It wents as follows:
"It is raining, and the little town looks totally deserted. It is tough times, everybody is in debt, and everybody lives on credit. Suddenly, a rich tourist comes to town. He enters the only hotel, lays a 100 Euro note on the reception counter, and goes to inspect the rooms upstairs in order to choose one. The hotel proprietor takes the 100 Euro note and runs to pay his debt to the butcher. The butcher takes the 100 Euro note, and runs to pay his debt to the pig grower. The pig grower takes the 100 Euro note, and runs to pay his debt to the supplier of his feed and fuel. The supplier of feed and fuel takes the 100 Euro note and runs to pay his debt to the town's prostitute that in these hard times, gave her "services" on credit. The hooker runs to the hotel, and pays off her debt with the 100 Euro note to the hotel proprietor to pay for the rooms that she rented when she brought her clients there. The hotel proprietor then lays the 100 Euro note back on the counter so that the rich tourist will not suspect anything. At that moment, the tourist comes down after inspecting the rooms, and takes his 100 Euro note, after saying that he did not like any of the rooms, and leaves town. No one earned anything. However, the whole town is now without debt, and looks to the future with a lot of optimism. And that, ladies and gentlemen, is how the
I had an internal meeting at 13h00 and decided to share this story with my meeting and as I was reading, I appreciated its profound message even more so.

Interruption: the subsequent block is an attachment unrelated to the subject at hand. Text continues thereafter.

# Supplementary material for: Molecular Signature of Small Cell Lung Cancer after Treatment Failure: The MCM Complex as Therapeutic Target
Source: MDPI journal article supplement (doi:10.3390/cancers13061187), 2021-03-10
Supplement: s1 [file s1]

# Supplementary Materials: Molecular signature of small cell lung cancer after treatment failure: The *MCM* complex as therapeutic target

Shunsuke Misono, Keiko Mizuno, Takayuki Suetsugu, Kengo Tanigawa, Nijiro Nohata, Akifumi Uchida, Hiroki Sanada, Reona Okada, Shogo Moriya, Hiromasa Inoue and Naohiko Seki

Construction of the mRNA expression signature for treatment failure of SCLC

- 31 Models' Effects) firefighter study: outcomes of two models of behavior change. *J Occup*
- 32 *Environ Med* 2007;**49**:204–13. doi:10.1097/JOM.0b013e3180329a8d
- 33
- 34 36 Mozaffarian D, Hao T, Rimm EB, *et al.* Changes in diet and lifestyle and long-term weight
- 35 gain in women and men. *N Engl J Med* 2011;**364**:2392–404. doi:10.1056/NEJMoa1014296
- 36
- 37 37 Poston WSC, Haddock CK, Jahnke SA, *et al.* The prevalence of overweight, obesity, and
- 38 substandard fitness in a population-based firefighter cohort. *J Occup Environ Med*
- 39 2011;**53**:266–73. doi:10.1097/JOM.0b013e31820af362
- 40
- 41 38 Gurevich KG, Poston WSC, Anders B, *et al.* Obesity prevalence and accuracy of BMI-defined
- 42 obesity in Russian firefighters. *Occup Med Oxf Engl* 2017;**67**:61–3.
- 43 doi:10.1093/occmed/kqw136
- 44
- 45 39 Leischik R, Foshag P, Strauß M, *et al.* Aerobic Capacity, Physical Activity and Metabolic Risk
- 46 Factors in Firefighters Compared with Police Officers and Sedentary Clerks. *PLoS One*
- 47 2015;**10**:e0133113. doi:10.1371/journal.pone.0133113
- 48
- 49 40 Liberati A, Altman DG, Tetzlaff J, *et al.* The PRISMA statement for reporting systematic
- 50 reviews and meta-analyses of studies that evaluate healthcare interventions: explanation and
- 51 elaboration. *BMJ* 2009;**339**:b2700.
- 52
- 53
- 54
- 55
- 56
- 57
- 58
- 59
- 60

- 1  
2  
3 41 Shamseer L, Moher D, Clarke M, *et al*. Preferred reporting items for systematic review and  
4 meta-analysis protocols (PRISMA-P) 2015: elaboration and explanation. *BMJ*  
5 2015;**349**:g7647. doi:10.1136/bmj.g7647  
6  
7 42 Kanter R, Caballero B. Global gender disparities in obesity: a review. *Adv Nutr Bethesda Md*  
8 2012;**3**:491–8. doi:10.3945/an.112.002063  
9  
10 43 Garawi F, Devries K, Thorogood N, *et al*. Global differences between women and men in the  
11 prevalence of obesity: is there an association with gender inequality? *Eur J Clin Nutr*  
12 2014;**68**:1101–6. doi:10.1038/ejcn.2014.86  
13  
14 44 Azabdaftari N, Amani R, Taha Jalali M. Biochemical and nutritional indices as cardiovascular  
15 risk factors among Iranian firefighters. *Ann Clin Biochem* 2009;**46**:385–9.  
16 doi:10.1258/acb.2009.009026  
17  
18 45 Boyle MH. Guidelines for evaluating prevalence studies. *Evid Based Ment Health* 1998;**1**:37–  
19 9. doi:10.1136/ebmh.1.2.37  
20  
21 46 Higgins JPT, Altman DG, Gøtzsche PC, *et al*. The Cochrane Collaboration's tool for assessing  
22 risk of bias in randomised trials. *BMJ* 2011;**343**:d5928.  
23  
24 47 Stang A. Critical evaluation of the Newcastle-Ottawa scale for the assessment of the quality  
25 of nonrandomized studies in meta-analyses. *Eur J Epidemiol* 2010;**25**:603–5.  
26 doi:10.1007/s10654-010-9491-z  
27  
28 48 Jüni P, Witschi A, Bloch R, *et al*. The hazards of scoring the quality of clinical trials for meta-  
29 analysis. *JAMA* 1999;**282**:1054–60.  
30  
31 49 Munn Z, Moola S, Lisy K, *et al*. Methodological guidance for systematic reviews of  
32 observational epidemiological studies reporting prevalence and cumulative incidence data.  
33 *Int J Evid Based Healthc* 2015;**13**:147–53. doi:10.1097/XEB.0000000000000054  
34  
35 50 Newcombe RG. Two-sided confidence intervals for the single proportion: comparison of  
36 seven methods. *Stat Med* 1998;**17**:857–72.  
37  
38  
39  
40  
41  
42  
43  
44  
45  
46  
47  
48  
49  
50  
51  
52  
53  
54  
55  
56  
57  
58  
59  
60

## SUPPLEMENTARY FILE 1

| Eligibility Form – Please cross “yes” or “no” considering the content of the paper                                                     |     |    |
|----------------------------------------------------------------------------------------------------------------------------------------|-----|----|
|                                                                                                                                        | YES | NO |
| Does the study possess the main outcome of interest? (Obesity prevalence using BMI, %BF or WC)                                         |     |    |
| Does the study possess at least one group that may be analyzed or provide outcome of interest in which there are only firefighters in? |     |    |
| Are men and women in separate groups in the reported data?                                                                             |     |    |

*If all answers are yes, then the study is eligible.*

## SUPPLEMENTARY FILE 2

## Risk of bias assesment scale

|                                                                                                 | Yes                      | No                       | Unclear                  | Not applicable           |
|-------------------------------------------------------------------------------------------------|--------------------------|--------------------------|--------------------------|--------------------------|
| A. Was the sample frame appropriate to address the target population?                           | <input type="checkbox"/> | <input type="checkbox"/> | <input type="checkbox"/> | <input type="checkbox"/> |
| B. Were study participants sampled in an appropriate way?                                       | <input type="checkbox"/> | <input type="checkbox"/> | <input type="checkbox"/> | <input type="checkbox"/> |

It is a reminder of how financial markets actually work. It reminded me of the sub-prime property bond models that spiralled into a financial markets disaster, a drying up of liquidity, an unprecedented credit crunch and, along with other factors, it all snowballed into what we experienced (and some may argue, still experience) as the Global Economic Crisis.
It is a timely reminder that in all the business models we hang our hats on, no matter how clever and 'cutting edge' it may seem, there are business fundamentals that remain a constant. If these business fundamentals are absent, it eventually shows.
You cannot argue that everyone in the story RECEIVED cash. You can even argue that everyone EARNED their 100 Euro note based on the services they provided prior to receiving payment and best of all, everyone used the cash to settle debt!
In 20 transactions that we come accross, we generally pursue 1. Very often we are on the receiving end of criticisim that we walk away from "great opportunities" because we are "far too commercial". It is somewhat ironic that some expect an investment firm NOT to be commercial in its investment decisions. You see, whether its time or money both are capital and one must be 'always commercial, seldom emotional' about deploying their capital.
If it doesnt make sense, its probably not worth pursuing.....not matter WHO is selling it.
Stay with the fundamentals.